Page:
Ten Things You Should Know About Gene Colan

1.  Gene Colan came to work for what would become Marvel Comics early on in its existence, hired by Stan Lee in 1946. He eventually moved to rival DC Comics, working on many of their war titles, before returning to Marvel in the 1960s. Because at the time freelancing for the competition was frowned upon, his Marvel work was initially credited to Adam Austin, a pseudonym that appears on his early Iron Man and Sub-Mariner tales.

2.  Gene had foundational runs on many key Marvel characters including the Sub-Mariner (1965-1968), Iron Man (1966-1968), Daredevil (1966-1973), Captain America (1969-1971, wherein he co-created Marvel's first African-American superhero, The Falcon), and Doctor Strange (1968-1969, 1975-1976, and 1979-1981). But he was probably best-known for his runs on two non-superhero titles. One is Tomb of Dracula, which he illustrated the entire 70-issue run of from 1972 to 1979, co-creating the vampire hunter Blade with Marv Wolfman along the way. The other is Howard the Duck, a brilliant satire which he drew from 1976 to 1979 alongside writer Steve Gerber.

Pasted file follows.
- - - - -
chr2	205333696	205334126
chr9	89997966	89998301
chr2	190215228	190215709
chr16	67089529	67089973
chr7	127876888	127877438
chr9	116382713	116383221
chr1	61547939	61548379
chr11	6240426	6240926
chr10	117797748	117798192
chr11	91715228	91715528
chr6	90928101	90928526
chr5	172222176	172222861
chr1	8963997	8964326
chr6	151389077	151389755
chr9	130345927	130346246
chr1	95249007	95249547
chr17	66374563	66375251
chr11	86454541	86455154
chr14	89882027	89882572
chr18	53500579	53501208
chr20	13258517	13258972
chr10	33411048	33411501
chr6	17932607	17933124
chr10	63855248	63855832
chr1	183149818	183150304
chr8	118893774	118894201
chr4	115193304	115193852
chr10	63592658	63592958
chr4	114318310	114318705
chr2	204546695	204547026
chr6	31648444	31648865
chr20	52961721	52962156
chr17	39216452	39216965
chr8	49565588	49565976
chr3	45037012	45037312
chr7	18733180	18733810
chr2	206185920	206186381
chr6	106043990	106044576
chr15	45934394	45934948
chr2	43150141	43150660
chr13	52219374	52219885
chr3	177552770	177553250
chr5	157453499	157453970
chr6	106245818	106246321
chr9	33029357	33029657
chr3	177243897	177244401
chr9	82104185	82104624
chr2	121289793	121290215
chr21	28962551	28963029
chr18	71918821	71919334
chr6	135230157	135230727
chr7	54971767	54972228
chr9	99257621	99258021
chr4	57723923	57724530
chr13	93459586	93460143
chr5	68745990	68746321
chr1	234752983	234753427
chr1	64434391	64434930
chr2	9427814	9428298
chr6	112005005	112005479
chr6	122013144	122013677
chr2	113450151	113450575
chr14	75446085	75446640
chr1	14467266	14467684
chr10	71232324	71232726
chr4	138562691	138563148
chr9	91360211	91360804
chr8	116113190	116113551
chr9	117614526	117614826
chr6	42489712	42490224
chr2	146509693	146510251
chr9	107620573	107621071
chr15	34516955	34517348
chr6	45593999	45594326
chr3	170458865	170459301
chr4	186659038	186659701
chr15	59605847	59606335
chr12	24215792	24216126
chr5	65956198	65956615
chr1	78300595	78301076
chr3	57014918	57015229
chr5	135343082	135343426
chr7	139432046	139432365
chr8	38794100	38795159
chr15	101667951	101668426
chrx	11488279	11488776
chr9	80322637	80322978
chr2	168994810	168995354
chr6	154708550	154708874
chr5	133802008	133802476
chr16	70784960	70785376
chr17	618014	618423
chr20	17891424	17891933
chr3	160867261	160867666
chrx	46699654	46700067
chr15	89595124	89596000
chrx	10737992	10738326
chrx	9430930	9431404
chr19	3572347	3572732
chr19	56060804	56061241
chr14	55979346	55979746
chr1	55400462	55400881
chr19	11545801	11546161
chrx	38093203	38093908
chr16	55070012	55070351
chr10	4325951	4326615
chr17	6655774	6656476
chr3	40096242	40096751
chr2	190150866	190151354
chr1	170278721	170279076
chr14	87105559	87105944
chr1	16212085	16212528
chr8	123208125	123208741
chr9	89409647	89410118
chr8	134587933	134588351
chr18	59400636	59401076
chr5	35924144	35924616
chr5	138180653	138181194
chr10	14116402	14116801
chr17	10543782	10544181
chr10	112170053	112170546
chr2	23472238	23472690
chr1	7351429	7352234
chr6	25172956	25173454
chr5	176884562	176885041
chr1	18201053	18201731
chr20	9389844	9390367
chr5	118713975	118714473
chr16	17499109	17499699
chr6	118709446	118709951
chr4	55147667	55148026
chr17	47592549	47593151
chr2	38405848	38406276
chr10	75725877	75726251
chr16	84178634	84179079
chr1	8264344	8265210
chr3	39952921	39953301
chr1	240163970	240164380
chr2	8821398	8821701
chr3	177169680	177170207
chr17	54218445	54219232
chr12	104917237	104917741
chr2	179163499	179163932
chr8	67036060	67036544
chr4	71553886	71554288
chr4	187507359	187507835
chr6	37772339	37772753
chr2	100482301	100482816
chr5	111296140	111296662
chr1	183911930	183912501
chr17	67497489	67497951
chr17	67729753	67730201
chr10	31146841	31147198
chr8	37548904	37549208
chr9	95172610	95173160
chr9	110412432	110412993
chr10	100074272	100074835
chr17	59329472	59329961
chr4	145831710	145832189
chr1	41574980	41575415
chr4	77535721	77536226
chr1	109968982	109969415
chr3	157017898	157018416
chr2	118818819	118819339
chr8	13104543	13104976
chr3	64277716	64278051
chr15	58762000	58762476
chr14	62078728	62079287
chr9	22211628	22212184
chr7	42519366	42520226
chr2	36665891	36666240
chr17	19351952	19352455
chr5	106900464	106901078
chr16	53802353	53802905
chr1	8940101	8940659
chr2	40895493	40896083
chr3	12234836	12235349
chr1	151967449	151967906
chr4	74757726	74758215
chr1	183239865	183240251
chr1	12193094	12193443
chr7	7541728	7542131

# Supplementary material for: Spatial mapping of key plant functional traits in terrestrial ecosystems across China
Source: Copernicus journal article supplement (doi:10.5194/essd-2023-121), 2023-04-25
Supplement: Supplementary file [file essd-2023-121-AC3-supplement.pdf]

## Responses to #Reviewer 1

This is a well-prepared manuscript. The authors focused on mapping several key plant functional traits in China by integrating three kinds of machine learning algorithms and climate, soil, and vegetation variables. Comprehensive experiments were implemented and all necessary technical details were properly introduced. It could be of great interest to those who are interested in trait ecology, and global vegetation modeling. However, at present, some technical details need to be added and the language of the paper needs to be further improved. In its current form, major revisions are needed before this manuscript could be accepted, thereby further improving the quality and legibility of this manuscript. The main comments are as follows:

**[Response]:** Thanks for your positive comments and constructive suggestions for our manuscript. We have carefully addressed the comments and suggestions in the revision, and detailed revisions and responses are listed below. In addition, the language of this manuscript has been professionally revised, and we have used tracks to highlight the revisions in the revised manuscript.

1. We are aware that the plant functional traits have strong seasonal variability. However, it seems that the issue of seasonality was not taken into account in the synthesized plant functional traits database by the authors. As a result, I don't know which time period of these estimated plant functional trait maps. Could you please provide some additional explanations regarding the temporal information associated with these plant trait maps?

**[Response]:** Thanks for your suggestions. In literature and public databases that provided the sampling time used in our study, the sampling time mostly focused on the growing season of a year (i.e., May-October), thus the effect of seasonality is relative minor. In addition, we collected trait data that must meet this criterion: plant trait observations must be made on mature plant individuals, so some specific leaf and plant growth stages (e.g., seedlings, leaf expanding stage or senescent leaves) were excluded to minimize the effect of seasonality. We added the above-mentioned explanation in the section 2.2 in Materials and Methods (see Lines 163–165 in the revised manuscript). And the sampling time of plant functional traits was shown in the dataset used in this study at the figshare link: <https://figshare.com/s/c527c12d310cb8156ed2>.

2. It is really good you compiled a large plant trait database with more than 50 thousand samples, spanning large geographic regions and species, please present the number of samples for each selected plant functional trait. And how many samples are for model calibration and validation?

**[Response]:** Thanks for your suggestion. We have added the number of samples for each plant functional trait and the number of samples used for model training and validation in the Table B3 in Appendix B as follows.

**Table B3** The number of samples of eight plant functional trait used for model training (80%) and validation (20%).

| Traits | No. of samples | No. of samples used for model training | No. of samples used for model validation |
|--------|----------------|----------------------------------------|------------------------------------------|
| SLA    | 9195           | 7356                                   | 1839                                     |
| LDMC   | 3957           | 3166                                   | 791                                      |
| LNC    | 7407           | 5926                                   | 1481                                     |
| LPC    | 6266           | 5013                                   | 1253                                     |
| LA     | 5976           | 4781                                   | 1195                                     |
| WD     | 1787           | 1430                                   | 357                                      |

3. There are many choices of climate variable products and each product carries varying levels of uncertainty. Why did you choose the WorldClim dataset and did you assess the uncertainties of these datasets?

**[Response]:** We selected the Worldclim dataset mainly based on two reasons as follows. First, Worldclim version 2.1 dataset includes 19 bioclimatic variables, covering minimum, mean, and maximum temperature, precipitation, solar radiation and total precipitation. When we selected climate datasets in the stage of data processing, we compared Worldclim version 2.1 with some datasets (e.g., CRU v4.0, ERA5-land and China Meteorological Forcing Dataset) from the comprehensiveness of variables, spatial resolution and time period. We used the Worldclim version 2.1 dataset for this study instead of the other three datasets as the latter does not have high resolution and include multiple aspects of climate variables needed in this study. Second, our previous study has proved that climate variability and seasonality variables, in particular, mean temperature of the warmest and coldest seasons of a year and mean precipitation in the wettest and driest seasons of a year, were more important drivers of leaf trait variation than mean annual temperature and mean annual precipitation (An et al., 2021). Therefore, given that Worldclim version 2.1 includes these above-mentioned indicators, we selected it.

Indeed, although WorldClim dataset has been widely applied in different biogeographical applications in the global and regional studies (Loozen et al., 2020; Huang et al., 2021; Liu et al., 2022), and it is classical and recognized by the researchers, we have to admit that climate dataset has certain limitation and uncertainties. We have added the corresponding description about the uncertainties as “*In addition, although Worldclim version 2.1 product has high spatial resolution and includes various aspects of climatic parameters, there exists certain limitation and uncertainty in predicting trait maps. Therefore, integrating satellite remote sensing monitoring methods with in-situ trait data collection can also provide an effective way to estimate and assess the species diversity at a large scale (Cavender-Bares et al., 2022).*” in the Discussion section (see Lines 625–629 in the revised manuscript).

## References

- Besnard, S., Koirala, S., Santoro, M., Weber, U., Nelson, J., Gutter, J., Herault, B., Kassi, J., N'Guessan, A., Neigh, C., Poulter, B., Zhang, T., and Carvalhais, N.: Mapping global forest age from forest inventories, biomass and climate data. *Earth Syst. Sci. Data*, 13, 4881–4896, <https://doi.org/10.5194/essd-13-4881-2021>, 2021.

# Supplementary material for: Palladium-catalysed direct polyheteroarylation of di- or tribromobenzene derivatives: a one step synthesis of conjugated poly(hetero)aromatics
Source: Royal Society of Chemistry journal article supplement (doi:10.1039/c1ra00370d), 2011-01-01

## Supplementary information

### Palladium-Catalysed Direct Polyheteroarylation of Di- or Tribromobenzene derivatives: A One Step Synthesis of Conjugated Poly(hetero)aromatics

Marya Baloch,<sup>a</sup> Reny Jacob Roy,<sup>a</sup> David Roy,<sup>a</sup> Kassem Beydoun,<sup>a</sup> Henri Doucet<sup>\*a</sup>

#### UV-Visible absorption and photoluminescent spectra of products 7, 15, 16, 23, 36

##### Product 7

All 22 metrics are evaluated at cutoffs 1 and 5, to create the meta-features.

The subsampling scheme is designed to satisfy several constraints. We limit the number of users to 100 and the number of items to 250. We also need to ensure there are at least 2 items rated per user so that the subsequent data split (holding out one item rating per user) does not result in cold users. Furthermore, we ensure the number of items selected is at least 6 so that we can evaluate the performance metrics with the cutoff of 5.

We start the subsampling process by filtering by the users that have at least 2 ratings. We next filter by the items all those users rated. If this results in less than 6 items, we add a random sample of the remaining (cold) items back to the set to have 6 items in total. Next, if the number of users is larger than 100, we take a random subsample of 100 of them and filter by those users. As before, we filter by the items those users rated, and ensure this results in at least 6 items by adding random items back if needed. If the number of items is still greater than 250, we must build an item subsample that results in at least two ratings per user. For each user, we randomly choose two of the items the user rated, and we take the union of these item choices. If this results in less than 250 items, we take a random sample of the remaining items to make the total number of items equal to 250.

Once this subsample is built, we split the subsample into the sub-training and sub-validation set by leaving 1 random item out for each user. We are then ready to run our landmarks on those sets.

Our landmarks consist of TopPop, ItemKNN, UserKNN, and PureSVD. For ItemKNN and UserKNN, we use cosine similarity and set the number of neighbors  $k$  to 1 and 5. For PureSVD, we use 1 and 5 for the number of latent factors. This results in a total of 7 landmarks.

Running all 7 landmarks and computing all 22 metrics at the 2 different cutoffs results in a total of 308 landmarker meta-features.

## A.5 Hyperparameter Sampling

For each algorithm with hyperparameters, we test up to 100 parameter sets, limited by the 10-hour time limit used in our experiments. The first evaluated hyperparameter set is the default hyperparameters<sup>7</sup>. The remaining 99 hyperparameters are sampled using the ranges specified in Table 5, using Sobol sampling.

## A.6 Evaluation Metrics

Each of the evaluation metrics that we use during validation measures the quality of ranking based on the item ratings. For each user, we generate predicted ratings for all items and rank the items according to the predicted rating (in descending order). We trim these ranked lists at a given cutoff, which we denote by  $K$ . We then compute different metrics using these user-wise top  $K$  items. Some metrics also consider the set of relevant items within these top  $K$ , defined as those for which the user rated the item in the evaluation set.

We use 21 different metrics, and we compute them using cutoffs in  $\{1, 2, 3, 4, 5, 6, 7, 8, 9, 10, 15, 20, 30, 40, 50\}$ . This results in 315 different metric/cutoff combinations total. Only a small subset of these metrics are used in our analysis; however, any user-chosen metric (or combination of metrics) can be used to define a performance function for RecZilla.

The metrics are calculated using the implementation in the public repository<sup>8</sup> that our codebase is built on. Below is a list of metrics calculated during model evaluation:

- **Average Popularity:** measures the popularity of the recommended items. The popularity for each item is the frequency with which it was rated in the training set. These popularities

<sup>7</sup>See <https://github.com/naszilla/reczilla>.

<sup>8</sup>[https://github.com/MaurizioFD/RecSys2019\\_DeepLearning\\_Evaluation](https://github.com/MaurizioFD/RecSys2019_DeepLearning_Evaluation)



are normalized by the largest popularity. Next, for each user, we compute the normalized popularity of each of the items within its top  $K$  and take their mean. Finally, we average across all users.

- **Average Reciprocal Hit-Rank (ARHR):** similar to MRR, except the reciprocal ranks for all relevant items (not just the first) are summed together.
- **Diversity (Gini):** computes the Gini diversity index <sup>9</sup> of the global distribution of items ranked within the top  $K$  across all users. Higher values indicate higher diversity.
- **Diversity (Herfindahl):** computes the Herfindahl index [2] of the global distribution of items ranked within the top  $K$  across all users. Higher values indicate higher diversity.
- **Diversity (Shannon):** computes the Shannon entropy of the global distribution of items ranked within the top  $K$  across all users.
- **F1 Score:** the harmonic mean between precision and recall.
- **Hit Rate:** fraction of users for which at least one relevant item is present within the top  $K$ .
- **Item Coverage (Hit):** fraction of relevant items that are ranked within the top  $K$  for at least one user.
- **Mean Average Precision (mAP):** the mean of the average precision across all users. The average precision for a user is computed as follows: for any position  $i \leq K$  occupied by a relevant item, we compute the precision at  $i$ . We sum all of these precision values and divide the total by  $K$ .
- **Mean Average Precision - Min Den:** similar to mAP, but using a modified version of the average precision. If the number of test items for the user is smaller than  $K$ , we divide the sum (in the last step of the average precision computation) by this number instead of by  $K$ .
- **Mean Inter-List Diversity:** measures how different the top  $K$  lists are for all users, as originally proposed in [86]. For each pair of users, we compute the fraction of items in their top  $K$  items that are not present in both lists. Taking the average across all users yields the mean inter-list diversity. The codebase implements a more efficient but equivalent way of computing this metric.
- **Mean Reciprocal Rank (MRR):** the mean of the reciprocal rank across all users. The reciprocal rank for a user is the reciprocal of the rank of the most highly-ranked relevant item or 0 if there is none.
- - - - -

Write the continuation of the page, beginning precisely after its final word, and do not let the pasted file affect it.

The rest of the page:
3.  In 1981, Gene left Marvel for DC, where he began illustrating Batman comics, as well as reuniting with Tomb of Dracula collaborator Marv Wolfman on the series Night Force. He also had stints for DC on Wonder Woman, Firestorm, Legion of Super-Heroes, The Spectre, and Nathaniel Dusk.

4.  Gene served as the artistic hands for actor Eric Roberts in the 1990 film The Ambulance. Roberts played a comic book artist, and the director wanted a scene of him drawing, but unfortunately that was not part of Roberts' skill set. So Gene was brought in, his hands made up to match the younger Roberts, and was filmed from the hands down providing his unique style of draftsmanship.

5.  Rocker Rob Zombie is a huge Gene Colan fan, and hired him to do the art for his first solo album, Hellbilly Deluxe. Gene also drew stories for Rob's Spookshow International comic series, and drew an unpublished story featuring White Zombie (Rob's first band), Dracula, and Howard The Duck, pages of which Rob has posted to his blog.